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The Secchi disk is a device which can be used to take quick measurements of water turbidity. These devices can be used in any body of water, and they are used in water quality monitoring programs all over the world. While other devices can measure turbidity more accurately, the Secchi disk is very easy to use, cheap to implement, and easy to train on. Someone can learn to use the disk in just a few minutes to take quick turbidity measurements.
Turbidity or clarity refers to the visibility in the water column. When turbidity is high, lots of suspended sediments and organisms obscure the water clarity, cutting visibility down significantly. When turbidity is low, less material is present in the water, and it can be clear to a significant depth. This has an impact on organisms which live in the water, as many are adapted to survive in specific types of conditions, and changes in clarity can cause dieoffs or other problems.
Secchi disks consist of disks which are eight inches (20 centimeters) in diameter, classically painted in black and white quadrants, although some are just white. The disk is attached to a line marked with depth measurements. To use the disk, someone lowers it into the water to the point where it is no longer visible, and takes note of the reading on the line. Some people lower the disk to the invisible point, raise it to the visible point, and average the two measurements for a more accurate reading.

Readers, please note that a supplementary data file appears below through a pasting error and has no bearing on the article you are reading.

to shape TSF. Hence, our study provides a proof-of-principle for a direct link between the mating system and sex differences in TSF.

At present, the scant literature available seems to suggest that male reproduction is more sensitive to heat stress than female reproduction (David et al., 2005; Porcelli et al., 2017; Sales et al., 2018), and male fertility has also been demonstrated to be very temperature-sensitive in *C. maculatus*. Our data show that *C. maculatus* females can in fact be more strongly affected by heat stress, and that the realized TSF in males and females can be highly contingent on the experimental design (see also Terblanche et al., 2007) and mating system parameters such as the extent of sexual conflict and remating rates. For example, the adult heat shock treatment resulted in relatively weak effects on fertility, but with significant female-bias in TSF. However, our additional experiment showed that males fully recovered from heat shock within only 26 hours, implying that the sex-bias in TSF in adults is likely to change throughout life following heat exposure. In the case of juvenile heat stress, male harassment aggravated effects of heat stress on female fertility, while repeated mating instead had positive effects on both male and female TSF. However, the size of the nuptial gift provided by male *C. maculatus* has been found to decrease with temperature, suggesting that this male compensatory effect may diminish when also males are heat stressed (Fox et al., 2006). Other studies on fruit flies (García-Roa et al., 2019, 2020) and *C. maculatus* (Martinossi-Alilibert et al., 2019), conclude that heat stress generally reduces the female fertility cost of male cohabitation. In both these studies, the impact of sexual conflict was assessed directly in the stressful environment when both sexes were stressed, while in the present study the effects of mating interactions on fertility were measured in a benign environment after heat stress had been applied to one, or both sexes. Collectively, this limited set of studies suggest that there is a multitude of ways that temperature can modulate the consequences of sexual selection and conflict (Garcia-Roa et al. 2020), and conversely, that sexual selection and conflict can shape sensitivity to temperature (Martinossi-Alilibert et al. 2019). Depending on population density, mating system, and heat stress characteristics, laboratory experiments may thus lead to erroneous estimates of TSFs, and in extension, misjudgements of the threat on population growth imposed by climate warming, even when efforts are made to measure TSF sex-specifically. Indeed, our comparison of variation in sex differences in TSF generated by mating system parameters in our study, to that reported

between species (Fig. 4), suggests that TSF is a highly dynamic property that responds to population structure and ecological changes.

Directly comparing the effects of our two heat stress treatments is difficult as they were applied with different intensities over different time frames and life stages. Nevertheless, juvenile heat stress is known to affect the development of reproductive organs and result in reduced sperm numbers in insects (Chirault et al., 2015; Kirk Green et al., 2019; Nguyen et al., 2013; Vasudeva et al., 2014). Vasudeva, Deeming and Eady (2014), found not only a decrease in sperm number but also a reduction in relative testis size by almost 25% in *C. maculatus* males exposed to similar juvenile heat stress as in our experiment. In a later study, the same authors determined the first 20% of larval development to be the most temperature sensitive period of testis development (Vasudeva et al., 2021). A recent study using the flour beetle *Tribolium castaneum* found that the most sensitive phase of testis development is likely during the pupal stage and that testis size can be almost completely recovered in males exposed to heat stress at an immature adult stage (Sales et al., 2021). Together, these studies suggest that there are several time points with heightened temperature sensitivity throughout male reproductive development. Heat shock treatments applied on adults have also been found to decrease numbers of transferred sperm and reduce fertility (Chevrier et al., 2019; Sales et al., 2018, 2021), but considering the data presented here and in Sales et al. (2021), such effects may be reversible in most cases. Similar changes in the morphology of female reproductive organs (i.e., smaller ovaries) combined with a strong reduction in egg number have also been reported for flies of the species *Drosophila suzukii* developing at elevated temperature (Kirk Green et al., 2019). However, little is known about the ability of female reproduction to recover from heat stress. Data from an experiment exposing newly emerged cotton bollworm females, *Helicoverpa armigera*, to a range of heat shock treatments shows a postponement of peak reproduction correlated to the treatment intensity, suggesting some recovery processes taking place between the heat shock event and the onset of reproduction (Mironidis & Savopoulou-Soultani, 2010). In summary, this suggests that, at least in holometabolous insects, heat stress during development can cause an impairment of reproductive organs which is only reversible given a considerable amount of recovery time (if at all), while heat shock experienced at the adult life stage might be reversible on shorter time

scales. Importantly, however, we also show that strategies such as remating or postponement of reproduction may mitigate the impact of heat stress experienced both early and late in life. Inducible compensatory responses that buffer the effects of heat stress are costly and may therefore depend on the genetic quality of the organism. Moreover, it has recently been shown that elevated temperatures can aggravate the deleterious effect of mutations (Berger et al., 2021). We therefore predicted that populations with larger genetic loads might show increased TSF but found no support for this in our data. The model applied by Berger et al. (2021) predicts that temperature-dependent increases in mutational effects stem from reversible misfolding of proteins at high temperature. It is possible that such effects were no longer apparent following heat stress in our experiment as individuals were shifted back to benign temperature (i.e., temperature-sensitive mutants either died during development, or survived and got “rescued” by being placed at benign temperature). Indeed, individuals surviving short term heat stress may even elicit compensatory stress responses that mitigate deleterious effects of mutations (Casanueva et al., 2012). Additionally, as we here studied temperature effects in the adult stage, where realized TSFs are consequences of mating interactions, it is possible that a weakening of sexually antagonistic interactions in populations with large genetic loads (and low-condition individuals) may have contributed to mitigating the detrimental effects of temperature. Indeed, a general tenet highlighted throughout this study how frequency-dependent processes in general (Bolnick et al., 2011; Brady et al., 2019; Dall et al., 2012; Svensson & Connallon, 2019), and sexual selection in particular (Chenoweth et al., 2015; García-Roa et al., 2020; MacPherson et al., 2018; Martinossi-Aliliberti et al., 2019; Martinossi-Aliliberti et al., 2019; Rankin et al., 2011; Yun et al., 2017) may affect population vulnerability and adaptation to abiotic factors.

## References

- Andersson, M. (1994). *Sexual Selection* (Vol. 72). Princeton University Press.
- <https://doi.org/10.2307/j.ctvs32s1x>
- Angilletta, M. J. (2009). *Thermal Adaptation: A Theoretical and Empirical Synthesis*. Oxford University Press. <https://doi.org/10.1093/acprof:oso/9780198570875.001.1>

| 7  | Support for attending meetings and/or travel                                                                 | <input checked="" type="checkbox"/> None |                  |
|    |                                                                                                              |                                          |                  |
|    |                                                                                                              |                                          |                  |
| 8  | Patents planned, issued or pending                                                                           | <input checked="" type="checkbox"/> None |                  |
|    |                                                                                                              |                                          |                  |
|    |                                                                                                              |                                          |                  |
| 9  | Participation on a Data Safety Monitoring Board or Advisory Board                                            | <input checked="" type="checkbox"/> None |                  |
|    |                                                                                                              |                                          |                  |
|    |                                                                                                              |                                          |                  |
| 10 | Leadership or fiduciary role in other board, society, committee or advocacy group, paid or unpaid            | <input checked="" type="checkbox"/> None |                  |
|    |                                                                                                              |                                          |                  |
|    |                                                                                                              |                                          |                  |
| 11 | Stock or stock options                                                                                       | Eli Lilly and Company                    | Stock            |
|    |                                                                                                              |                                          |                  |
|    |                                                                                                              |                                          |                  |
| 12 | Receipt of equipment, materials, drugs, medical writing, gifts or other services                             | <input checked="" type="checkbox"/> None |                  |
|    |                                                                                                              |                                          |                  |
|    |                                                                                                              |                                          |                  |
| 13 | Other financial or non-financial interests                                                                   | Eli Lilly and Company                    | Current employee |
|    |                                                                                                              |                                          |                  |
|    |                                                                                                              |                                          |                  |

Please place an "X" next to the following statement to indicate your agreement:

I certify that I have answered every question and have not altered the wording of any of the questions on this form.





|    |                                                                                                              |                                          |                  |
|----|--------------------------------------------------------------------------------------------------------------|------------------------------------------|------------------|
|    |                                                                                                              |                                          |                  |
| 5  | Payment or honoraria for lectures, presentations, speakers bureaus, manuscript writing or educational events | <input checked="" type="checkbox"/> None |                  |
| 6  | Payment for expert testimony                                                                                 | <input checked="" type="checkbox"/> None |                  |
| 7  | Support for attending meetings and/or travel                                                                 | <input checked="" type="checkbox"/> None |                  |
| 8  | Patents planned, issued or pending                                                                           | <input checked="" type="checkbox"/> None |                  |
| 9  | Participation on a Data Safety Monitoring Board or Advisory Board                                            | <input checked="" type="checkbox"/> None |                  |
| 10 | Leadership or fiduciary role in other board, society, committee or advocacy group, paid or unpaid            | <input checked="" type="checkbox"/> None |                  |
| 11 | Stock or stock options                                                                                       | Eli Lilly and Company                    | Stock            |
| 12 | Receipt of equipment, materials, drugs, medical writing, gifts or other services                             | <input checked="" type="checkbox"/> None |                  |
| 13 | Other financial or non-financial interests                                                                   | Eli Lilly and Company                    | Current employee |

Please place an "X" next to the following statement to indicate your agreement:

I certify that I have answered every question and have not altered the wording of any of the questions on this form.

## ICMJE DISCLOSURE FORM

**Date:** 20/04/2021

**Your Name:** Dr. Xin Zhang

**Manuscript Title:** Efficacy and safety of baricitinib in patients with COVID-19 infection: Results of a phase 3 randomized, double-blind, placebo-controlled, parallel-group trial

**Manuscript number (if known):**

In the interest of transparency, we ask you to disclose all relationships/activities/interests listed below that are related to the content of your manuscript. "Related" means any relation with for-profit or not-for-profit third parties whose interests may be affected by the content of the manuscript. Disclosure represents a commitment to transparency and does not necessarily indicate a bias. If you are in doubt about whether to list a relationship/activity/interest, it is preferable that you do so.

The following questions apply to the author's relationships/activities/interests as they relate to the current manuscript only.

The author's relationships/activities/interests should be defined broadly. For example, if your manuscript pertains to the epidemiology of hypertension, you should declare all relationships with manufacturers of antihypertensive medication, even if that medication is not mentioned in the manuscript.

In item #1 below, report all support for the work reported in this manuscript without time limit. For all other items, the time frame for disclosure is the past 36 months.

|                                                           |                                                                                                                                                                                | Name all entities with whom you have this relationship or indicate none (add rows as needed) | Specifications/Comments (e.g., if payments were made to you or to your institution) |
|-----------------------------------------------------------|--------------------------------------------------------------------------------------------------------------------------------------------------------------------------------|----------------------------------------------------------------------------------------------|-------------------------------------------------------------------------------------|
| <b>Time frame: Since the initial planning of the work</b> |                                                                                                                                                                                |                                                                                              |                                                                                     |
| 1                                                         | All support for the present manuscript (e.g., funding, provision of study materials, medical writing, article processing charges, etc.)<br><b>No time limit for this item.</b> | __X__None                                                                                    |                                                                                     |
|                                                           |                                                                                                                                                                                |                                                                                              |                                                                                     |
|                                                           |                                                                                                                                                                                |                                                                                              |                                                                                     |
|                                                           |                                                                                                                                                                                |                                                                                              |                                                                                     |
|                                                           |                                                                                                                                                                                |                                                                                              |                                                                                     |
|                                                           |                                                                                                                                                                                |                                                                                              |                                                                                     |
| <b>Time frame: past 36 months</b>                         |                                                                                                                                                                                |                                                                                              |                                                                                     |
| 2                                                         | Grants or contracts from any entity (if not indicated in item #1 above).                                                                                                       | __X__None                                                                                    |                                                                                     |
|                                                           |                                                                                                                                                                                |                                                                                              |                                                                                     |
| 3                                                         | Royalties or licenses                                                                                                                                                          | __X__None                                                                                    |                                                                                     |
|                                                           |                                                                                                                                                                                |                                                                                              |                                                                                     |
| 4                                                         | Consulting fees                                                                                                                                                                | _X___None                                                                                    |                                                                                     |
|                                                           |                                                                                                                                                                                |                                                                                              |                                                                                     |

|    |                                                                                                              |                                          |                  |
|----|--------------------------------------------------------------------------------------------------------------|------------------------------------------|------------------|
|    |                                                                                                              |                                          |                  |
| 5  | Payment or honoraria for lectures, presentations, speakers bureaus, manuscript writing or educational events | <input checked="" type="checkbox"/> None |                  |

Readings with a Secchi disk are generally taken during the middle of the day, from the shady side of a boat so that glare does not interfere with the reading. For consistency, the same observer needs to take the reading every time, because different people have differing levels of visual acuity, and some people may see the disk more clearly than others. Thus, if two separate individuals take readings, the readings may not match; using the same observer keeps records constant.
Secchi disk readings are kept on file by organizations which monitor water quality, and sometimes readings from various bodies of water are published for convenience. In some nations, volunteers take Secchi disk readings throughout the year to monitor changes in the water as the year goes by. These citizen scientists offer a valuable service to water quality monitoring organizations, which usually lack the personnel to monitor numerous bodies of water themselves.
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